- TheStreet.com sells online subscription services for newsletters with names like Action Alerts PLUS, TheStreet.com Stocks Under $10, Street Insight, TheStreet.com Value Investor, TheStreet View, and RealMoney.com. In our opinion, The Street.com probably is not attractive to many media companies, too, because it's too much of a niche business.
Net sales' estimates for the current year ending December 31, 2006, are approximately $32.6 million. Sustainable operating profits are uncertain, in our opinion, given runaway expenses. SHAME! SHAME! In 2005, general and administrative expenses, consisting of compensation for general management, finance and administrative personnel, ate up $0.23 cents of every dollar in net sales.
A review of senior management highlights another case of substance--oh, we mean, salary abuses:
- (i) On December 27, 2005, TheStreet.com, Inc. and Thomas J. Clarke, Jr. entered into a new Employment Agreement, effective as of January 1, 2006, upon expiration of his prior employment agreement with the Company. Pursuant to the Agreement, Mr. Clarke will continue to serve as the Chairman of the Board and Chief Executive Officer of the Company through December 31, 2007.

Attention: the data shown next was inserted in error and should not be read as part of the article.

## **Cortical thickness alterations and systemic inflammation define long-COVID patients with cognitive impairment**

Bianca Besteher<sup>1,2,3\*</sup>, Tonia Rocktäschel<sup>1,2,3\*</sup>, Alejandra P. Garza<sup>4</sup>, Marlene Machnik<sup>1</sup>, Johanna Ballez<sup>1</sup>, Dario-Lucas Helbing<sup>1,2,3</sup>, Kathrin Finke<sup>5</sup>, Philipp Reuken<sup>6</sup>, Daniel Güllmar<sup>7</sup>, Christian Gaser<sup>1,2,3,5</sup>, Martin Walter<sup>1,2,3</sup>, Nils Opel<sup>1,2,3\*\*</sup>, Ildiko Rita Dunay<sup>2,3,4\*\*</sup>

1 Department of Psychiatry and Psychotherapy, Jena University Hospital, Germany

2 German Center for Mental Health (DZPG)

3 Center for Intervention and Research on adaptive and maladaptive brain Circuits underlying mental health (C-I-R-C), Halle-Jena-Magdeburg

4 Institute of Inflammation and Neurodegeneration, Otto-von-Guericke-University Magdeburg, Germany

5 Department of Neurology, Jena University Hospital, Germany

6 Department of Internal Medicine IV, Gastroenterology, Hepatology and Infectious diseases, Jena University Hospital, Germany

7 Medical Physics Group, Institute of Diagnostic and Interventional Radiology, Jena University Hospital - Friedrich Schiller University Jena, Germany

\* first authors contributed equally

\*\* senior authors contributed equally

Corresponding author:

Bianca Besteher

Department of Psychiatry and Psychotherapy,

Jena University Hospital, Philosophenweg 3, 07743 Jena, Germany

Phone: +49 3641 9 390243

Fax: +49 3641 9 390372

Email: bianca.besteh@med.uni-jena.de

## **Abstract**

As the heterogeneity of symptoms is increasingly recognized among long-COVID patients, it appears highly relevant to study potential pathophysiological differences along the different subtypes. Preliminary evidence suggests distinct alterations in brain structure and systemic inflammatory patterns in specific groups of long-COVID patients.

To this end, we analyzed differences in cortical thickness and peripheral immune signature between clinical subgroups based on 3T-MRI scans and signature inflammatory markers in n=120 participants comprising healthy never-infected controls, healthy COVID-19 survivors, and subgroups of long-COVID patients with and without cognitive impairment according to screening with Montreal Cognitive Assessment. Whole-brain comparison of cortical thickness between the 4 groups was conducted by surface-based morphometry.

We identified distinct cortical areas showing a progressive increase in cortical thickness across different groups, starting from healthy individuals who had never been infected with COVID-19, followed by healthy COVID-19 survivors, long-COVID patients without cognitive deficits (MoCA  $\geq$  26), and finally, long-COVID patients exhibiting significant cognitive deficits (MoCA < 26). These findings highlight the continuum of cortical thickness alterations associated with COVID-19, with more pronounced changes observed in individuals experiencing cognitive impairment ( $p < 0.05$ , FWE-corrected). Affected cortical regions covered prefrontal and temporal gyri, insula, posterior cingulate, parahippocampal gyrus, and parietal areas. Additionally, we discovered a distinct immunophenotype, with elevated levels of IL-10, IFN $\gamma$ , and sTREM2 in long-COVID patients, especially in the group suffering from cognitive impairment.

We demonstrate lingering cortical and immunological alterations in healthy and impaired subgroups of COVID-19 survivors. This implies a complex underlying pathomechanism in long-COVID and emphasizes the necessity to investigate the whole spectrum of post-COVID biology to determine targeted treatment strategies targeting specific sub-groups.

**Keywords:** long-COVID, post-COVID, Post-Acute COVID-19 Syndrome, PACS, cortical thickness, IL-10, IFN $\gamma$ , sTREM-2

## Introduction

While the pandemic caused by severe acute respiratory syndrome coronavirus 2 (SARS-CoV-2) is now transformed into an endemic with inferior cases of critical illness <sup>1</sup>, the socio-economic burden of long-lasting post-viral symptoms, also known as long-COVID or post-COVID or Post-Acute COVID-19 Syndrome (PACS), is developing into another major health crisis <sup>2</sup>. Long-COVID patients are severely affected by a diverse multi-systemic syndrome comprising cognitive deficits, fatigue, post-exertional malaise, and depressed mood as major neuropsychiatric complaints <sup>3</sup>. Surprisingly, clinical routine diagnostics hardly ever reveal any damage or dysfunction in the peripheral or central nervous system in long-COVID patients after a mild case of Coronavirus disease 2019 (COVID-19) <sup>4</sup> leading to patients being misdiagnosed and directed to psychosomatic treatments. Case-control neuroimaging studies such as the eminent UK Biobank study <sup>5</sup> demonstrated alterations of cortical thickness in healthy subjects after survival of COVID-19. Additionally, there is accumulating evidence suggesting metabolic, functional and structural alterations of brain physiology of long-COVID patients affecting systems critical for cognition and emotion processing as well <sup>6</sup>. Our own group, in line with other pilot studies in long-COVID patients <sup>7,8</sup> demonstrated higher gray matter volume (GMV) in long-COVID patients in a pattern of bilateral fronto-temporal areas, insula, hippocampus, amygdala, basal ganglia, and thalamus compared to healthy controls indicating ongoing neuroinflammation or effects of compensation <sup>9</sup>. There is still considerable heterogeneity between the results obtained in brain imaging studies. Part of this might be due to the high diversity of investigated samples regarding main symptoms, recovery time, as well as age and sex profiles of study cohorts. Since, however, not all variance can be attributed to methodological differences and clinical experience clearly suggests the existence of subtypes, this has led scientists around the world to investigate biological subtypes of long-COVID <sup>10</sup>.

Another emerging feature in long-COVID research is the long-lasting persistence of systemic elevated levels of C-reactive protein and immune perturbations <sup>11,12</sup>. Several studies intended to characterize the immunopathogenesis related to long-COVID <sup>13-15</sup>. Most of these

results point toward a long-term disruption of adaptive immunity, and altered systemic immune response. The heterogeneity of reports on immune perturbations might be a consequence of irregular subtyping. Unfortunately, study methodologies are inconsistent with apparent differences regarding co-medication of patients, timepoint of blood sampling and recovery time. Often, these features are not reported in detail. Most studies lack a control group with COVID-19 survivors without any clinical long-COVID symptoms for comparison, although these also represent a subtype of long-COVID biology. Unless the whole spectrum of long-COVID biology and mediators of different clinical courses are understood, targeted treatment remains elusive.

In consideration for his service, Mr. Clarke, the CEO, is entitled to an annual base salary of $410,000 and is eligible to receive annual cash bonus compensation, with a target of such bonus being 75% of such salary. Mr. Clarke also will receive an annual grant of long-term equity incentive compensation. Each grant will have a value on the grant date of $300,000 and will vest ratably over the first three anniversaries of the effective date of the grant.
- (ii) Annual salaries and cash bonuses for other insiders: James Lonergan, President and COO, Lisa Mogensen, CFO, and Jordon Goldstein, General Counsel, total $516,000, $448,000, and $380,000, respectively excluding equity options].